Take the 2-minute tour ×
Stack Overflow is a question and answer site for professional and enthusiast programmers. It's 100% free, no registration required.

I am having problem while understanding = and is operator in SQL server.
Consider following example which having different behavior in output of query:

select * from tableName where colName is null
select * from tableName where colName = null

First with provide exact output which required i.e. select those record for which colName having null value. But second query will result in zero matchig record.

Please clear different use of those operator with pros and cons.


Here most of answer claiming that = don't work this null, but following statement will work with null and =

select * from tableName where colName = null

This will provide result same as statement having is operator.

share|improve this question
It generally helps to read the documentation. = (Equals) (Transact-SQL) –  hvd Sep 3 '14 at 10:17
You should take at look at stackoverflow.com/questions/1833949/… –  Davz Sep 3 '14 at 10:19
Note though that in a future version of SQL server, ANSI_NULLS will always be ON and SET ANSI_NULLS_OFF will return an error : msdn.microsoft.com/en-us/library/ms188048.aspx –  JLWarlow Sep 3 '14 at 10:32
The use of ANSI_NULLS OFF is a kind of hack. Non-standard. Microsoft explicitely tells us not to use it here: msdn.microsoft.com/en-us/library/ms188048.aspx . So yes, with ANSI_NULLS OFF the equal sign gives you different results, which is horrible and should be avoided. –  Thorsten Kettner Sep 3 '14 at 10:33
MySql, btw, has a nice extension to the SQL standard here: The null-safe equality operator <=> lets you explicitely ask to treat null as equal to another null. (And other than ANSI_NULLS OFF in T-SQL it also treats col1 and col2 as equal when both contain null.) –  Thorsten Kettner Sep 3 '14 at 10:45

4 Answers 4

up vote 6 down vote accepted

Nothing equals null.

Not even null equals null.

null is not a value, it is more like a concept, or a mark, meaning unknown value.

As such, you need two operators for this, one for equality, and one for checking the concept of null.

Once you start to think of null as "unknown value" a lot of the other behavior also makes sense.

10 + null? Add an unknown value to 10? Obviously you will have another unknown value as a result.

For more information, please check the documentation of the equality operator in T-SQL.

Additionally, see the documentation for SET ANSI_NULL.

Note that the documentation is in conflict about the behavior of x = null between the equality operator (documentation says it will always be false if x is non-null) whereas SET ANSI_NULLS documentation says that x = null will behave equivalent to x is null when the option is turned on.

share|improve this answer
0 * null? Multiply 0 by an unknown value? Obviously you will have 0 as a result. Except that you don't. –  hvd Sep 3 '14 at 10:19
If you were to multiply 0 by infinity you would get what is known as "indeterminate form" since infinity is not a number. There could be similar reasons to why the result in SQL is also unknown. –  Lasse V. Karlsen Sep 3 '14 at 10:21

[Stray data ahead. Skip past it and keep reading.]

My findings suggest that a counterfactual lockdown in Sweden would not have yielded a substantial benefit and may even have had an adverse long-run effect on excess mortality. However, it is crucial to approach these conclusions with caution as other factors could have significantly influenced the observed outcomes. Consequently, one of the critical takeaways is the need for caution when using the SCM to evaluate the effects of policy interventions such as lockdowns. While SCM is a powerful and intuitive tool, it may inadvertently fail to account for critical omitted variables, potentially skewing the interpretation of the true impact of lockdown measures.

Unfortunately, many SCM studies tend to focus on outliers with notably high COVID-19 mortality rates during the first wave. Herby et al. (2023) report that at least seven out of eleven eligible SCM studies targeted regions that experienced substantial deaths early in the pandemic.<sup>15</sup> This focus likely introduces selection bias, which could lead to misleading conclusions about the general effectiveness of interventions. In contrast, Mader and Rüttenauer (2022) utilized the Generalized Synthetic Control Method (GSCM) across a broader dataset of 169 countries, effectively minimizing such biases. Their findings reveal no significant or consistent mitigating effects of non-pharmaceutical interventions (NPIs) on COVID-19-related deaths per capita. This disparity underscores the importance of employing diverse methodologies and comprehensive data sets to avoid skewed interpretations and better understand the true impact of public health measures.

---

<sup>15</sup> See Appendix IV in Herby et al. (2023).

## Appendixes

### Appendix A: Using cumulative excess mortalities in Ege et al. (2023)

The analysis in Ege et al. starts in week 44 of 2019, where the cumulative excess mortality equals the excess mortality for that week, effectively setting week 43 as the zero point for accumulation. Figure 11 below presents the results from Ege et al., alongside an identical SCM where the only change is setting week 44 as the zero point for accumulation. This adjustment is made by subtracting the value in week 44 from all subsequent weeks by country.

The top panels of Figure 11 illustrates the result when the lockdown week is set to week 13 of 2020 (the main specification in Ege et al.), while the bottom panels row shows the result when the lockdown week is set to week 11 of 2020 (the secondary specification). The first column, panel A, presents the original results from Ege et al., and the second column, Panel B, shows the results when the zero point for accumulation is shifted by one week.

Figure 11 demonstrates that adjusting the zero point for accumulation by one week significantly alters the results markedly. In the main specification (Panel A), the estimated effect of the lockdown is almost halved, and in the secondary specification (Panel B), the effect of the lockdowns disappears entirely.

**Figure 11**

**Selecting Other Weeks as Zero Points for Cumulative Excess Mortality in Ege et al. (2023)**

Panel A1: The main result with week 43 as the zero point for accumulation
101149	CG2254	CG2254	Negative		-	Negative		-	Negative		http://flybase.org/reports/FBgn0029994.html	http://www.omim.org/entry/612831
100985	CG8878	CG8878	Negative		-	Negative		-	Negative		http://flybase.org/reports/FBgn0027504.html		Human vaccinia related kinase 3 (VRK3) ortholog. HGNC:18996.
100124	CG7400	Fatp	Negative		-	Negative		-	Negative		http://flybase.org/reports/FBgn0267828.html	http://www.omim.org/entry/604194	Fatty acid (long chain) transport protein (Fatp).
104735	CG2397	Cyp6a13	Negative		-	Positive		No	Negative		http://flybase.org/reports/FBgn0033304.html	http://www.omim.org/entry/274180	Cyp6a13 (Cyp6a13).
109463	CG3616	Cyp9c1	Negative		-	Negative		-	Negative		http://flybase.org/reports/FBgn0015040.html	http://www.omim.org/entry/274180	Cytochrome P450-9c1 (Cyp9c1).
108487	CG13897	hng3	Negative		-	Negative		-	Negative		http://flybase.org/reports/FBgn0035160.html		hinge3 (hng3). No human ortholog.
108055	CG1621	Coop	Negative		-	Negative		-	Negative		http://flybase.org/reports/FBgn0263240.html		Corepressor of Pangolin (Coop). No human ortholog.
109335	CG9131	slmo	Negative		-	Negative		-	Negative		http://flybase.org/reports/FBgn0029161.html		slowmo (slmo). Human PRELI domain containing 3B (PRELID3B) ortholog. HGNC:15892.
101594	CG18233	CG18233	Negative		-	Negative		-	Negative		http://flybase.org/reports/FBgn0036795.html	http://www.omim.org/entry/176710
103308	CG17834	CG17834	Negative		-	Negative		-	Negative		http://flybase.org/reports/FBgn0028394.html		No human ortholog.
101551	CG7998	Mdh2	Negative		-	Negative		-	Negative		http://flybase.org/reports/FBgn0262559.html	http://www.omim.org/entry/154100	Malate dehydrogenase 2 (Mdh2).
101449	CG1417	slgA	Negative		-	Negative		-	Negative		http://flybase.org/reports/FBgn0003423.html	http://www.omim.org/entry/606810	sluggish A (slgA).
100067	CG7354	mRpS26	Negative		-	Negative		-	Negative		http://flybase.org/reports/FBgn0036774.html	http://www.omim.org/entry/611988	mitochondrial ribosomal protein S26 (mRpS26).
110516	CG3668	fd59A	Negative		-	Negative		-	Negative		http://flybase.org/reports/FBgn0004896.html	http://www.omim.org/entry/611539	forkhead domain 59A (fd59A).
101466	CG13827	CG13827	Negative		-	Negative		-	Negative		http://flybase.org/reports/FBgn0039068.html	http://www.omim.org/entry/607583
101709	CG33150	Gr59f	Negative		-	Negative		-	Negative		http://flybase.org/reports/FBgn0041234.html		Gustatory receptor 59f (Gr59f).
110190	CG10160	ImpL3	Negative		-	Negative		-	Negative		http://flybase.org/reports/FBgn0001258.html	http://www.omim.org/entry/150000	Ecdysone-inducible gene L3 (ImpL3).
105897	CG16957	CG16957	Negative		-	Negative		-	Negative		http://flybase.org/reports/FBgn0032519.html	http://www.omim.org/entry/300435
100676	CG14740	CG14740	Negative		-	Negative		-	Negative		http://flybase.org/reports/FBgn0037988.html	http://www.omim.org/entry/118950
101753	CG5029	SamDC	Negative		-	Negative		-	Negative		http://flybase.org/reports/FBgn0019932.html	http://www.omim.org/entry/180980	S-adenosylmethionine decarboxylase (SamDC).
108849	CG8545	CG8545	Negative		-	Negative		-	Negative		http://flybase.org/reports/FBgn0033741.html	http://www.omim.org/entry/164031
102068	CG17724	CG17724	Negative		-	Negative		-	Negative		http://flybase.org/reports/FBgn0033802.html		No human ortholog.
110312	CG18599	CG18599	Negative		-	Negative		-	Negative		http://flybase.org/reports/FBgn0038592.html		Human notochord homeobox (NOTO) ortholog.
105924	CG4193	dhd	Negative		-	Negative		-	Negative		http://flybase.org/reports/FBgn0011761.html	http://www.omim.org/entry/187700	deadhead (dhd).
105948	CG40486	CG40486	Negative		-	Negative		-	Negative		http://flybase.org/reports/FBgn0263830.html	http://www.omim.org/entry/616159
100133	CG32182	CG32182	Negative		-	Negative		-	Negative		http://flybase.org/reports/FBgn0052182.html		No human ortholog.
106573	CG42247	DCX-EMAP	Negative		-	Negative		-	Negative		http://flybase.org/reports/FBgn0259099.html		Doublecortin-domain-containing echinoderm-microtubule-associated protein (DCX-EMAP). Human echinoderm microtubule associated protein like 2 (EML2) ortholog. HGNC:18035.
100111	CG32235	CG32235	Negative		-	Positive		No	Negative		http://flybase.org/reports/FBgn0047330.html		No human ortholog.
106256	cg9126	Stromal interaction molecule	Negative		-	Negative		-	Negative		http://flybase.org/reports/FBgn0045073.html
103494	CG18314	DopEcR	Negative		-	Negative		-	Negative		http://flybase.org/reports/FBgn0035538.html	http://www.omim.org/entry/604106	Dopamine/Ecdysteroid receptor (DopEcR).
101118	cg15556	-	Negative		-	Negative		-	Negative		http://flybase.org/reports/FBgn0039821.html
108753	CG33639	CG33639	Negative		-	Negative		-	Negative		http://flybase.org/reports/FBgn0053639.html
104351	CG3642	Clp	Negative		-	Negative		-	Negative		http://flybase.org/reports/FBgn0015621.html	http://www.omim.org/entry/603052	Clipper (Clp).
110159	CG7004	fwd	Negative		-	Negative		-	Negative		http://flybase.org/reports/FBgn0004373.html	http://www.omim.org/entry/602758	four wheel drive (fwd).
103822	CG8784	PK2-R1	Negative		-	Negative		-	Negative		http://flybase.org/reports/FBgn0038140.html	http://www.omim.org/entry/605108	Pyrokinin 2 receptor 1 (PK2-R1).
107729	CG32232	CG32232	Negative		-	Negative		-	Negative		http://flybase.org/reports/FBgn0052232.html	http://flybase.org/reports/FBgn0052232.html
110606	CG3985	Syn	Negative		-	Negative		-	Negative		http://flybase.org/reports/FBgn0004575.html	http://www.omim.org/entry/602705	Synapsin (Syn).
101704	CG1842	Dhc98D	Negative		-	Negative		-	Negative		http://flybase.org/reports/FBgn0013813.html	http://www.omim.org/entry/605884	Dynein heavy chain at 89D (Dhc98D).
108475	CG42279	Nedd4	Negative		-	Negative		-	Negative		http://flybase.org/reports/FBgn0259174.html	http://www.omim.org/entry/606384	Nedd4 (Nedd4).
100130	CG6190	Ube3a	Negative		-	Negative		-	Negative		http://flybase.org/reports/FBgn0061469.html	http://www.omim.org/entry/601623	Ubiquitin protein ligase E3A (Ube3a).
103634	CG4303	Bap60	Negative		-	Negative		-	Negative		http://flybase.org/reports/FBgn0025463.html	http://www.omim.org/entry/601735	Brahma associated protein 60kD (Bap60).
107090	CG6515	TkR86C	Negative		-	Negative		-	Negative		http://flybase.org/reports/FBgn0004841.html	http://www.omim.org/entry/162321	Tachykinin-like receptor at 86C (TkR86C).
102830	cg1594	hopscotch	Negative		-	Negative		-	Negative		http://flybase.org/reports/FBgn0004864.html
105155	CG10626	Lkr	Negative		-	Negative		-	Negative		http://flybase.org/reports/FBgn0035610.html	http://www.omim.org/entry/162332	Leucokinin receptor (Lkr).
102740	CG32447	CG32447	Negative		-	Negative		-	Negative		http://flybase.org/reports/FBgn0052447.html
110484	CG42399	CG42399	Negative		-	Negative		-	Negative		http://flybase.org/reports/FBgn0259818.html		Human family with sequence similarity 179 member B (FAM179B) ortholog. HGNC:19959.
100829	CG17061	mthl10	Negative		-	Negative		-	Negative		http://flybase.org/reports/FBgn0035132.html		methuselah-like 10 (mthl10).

0 * null is a multiplication of two int (non-)values, and int does not have infinities. I think reading null as "unknown value" is largely useful, but not entirely correct. That said, I don't have a better explanation. –  hvd Sep 3 '14 at 10:24
by changing sql setting to: SET ANSI_NULLS OFF, will result in comparison with null value, see edited question –  Ankush Madankar Sep 3 '14 at 10:29
I've also added a community note on the equality operator as I believe that's the one at fault (documentation-wise). –  Lasse V. Karlsen Sep 3 '14 at 10:39

From http://msdn.microsoft.com/en-us/library/ms188795.aspx:

To determine whether an expression is NULL, use IS NULL or IS NOT NULL instead of comparison operators (such as = or !=). Comparison operators return UNKNOWN when either or both arguments are NULL.


The originating question was updated to note that SET ANSI_NULLS OFF allows:

select * from tableName where colName = null.

This may be true at the moment but future versions of SQL server will set ANSI_NULLS always ON and any calls to SET ANSI_NULLS OFF will result in an error.

Source: http://msdn.microsoft.com/en-us/library/ms188048.aspx

share|improve this answer

= NULL is always unknown (this is piece of 3 state logic), but WHERE clause treats it as false and drops from the result set. So for NULL you should use IS NULL

= NULL is used for assignment to a NULL value whereas IS NULL is used to determine whether a variable is NULL-valued.

See these articles on null

Wikipedia NUll (SQL)
w3schools SQL NULL Values
SQL Tutorial, see IS NULL Operator section

share|improve this answer

Null is not same as zero. Null is absence of value. It simply means that the value could be anything. It is unknown.

Q. Why select * from tableName where colName = null returns zero rows?

A. Because you can not be sure that one null(unknown value) is equal to or not equal to another null(another unknown value).

EG: I have a magic hat and nobody knows what will come out of it(if anything comes out at all). You have another magic hat and nobody knows what will come out of it(if anything comes out at all).

We both have a magic hat each and what it has inside is unknown (null). These both hats could contain a rabbit each or may be my hat contains a hammer and your's has a pineapple.

If you have an if condition like this..


it is a mistake because if you pass null to @flag you do not really know whether or not @flag is equal or not equal to null

Use if(@flag<>isnull(null,'')) instead

share|improve this answer

Your Answer


By posting your answer, you agree to the privacy policy and terms of service.

Not the answer you're looking for? Browse other questions tagged or ask your own question.